As a result of the accident, several amendments and modifications were made by FAA based on the causes of the accident. The development and implementation of the Air Transportation Oversight System (ATOS) program by FAA keeping in mind the system safety issue to address the inspections and surveillance was noticeable. Immediate actions were enforced by FAA against the cargo carriers based on the standards created by Miami accident. Safety Recommendation A-95-111 were issued by the Safety board which necessitates FAA to determine whether the resources in inspection and surveillance are properly allocated and effective to maintain the oversight at an acceptable level. “As part of its revised procedures, Fine Air developed a loading supervisor certification form that loading supervisors must sign to indicate that the load was placed on the airplane according to plan and restrained properly”. With the advent of this, the loading process of cargo in the cargo aircraft was standardized with the division of loading process into several scientific procedures and steps, so that they can prevent the aircraft accident in the near future to a large extent.
The disastrous cargo accident taught us many lessons which can be learned seeing the consequences of the negligence involved from all departments. The primary lesson learnt is that effective participation at workers’ and management level is needed in determining whether the flight is safe or not depending upon its previous history, components efficiencies, amount of loading and load distribution etc. Prior checkup and maintenance is required if there is any noticeable previous defects on the aircraft. The productive training to loading personnel on handling the loads, effective training to pilots on handling misloading and mistrimmed stabilizers can significantly reduce such accidents including the emergency landing. It should be made sure that the cargo doesn’t shift from its position, changing the effective center of gravity drastically, during takeoff. The airlines should also have standards and schedules for calibrating scales used to weigh cargo. The computerized system of calculating the effective center of gravity and signaling danger on misloading helps to minimize such errors. Stall warning horns should be incorporated to make pilot aware of the stall speed being approached. Computerized auto recovery and alert system is a part of software interaction in the aircraft which could minimize the aircraft accident. Specially, cargo airlines should verify in the number of levels for the flight takeoff. The owning Airlines should be sensitive in its effective management since air industry is a critical and sensitive sector in which a small mistake can lead to large negative consequences. They should regularly do the risk assessment and document it to implement later.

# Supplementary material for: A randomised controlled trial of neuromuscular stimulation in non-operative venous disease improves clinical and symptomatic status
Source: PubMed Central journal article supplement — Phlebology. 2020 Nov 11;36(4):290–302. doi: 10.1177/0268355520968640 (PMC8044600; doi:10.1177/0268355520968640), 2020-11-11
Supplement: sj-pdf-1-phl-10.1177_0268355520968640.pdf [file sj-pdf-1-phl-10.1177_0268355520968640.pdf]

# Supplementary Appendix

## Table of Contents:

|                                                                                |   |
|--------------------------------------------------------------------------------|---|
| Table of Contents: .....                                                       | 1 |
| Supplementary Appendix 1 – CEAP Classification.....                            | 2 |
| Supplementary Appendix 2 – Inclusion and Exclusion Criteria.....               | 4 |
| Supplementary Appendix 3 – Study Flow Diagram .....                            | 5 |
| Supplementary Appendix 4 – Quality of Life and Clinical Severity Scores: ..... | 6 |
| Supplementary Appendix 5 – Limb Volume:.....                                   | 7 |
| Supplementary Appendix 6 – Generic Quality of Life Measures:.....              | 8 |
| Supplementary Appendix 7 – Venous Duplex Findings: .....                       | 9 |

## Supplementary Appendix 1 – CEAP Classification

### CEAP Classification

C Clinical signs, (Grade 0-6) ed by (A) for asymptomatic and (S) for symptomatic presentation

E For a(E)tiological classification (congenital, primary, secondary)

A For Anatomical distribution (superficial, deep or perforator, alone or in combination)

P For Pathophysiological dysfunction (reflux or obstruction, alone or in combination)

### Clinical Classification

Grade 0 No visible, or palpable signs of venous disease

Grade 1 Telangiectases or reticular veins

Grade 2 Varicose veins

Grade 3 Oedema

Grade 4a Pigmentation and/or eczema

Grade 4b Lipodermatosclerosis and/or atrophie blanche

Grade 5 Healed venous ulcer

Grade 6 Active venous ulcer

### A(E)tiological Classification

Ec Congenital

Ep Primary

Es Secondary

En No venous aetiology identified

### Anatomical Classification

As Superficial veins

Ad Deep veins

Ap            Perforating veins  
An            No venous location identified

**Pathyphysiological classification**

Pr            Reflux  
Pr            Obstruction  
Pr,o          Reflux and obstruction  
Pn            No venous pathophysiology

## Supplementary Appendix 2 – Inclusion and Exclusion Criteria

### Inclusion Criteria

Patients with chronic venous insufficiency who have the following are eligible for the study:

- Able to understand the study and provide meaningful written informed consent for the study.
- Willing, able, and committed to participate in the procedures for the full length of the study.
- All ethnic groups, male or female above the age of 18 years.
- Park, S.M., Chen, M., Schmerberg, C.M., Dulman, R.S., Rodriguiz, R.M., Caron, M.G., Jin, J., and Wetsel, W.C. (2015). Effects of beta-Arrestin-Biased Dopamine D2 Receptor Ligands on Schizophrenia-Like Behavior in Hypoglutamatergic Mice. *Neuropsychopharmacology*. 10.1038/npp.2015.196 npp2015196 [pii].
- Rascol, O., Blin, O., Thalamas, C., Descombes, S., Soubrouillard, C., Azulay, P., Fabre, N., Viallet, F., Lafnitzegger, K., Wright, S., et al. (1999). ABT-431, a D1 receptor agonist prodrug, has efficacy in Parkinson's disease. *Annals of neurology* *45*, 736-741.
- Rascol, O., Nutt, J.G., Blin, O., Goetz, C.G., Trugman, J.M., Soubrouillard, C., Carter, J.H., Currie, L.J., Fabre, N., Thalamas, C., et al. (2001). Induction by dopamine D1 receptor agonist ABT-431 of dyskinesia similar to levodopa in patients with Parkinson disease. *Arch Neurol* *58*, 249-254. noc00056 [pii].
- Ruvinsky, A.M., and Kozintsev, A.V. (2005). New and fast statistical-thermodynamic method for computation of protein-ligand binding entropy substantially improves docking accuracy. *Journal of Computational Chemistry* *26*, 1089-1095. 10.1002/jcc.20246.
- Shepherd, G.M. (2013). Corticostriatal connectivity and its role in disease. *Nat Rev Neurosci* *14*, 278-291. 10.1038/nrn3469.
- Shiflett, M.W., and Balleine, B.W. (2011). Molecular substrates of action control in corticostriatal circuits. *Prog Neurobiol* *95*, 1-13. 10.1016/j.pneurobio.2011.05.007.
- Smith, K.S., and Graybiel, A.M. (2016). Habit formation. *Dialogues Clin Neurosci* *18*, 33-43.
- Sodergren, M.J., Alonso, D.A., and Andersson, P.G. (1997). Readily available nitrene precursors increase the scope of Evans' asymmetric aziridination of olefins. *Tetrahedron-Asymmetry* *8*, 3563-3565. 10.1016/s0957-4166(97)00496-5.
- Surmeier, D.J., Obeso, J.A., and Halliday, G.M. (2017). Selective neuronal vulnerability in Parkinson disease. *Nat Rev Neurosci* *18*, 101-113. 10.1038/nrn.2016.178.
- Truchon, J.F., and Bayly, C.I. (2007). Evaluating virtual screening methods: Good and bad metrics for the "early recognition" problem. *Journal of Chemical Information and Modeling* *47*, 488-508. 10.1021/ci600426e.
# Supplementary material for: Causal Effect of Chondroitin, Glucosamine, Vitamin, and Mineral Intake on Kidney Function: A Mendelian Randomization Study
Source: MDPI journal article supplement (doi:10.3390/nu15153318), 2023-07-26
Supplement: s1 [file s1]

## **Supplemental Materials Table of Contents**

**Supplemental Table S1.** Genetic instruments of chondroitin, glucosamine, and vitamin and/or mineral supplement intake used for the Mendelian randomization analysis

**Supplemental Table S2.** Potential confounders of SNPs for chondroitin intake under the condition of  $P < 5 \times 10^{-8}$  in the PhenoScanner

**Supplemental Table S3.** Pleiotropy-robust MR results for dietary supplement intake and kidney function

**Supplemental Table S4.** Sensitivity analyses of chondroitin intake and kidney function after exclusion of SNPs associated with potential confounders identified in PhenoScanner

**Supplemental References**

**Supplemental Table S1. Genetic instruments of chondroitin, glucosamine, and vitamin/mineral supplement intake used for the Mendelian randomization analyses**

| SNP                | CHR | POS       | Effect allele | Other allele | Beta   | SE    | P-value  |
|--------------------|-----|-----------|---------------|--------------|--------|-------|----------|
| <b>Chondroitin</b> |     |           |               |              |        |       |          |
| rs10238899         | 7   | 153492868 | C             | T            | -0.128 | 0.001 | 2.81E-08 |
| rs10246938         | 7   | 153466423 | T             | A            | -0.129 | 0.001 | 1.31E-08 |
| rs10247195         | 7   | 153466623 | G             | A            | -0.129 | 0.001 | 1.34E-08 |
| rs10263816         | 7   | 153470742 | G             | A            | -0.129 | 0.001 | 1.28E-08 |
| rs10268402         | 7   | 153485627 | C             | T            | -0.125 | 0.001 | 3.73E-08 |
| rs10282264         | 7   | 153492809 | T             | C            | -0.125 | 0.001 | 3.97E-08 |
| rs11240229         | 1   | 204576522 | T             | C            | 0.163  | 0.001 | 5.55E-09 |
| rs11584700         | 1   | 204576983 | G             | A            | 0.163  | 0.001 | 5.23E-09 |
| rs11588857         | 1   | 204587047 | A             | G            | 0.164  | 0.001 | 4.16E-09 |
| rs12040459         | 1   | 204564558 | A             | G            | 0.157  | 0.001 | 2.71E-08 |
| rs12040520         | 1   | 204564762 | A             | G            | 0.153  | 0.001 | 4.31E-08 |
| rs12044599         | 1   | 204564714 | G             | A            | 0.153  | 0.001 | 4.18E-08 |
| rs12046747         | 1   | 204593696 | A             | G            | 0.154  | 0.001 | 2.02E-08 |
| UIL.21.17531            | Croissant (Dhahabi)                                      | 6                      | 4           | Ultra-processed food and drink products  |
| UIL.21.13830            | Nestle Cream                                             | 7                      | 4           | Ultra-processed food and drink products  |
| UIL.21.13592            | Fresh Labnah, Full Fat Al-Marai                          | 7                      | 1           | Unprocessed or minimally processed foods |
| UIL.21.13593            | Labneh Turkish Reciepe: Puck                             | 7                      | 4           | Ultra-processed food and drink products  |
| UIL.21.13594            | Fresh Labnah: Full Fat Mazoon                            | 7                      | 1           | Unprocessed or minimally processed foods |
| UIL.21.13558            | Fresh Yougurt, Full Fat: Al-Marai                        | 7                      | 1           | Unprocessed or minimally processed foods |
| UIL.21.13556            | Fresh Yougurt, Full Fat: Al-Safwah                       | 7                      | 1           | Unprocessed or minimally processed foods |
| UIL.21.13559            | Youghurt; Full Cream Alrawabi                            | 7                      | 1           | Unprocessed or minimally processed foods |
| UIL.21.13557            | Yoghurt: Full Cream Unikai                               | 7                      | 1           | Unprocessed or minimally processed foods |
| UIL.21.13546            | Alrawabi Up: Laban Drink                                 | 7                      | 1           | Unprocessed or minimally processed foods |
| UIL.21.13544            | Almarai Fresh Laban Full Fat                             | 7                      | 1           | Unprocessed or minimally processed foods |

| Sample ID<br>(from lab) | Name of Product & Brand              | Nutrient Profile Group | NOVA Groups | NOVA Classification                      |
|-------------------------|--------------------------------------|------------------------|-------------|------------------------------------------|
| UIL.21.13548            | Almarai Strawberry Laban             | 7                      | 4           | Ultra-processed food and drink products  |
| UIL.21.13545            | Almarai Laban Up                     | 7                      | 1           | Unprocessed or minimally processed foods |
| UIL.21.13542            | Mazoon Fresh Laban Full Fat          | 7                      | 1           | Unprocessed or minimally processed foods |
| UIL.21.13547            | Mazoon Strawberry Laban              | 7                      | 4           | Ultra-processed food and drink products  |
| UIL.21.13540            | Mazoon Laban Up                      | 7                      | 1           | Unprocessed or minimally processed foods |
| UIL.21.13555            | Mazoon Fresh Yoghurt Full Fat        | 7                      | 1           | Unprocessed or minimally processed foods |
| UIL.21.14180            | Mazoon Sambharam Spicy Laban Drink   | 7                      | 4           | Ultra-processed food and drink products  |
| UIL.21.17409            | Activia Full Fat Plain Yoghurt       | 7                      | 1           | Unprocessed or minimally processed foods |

Standardization of flight training and flight procedures could supplement the accident reduction method. Federal Aviation Administration should bring necessary amendments in its policies for the regular inspection and surveillance of the aircraft. They should also increase their budgets on the surveillance and inspection program. The necessary training, seminars and awareness on System Safety, role of hardware, role of software and role of human including their interactions should be provided regularly from the ground level to managerial level. Effective communication is also required among various departments of airlines governing bodies and the particular airlines. In general, responsible act is necessary from every individual associated with the airline industry for the prevention of such accident. Bibliography Navarro, Mireya. (1997, August 8). 3 Are Killed as Cargo Plane Crashes in Miami . New York Times.
Research Based Article Contributed by
Kshitiz Kumar Subedi
4th year student
IOE Central Campus,Pulchowk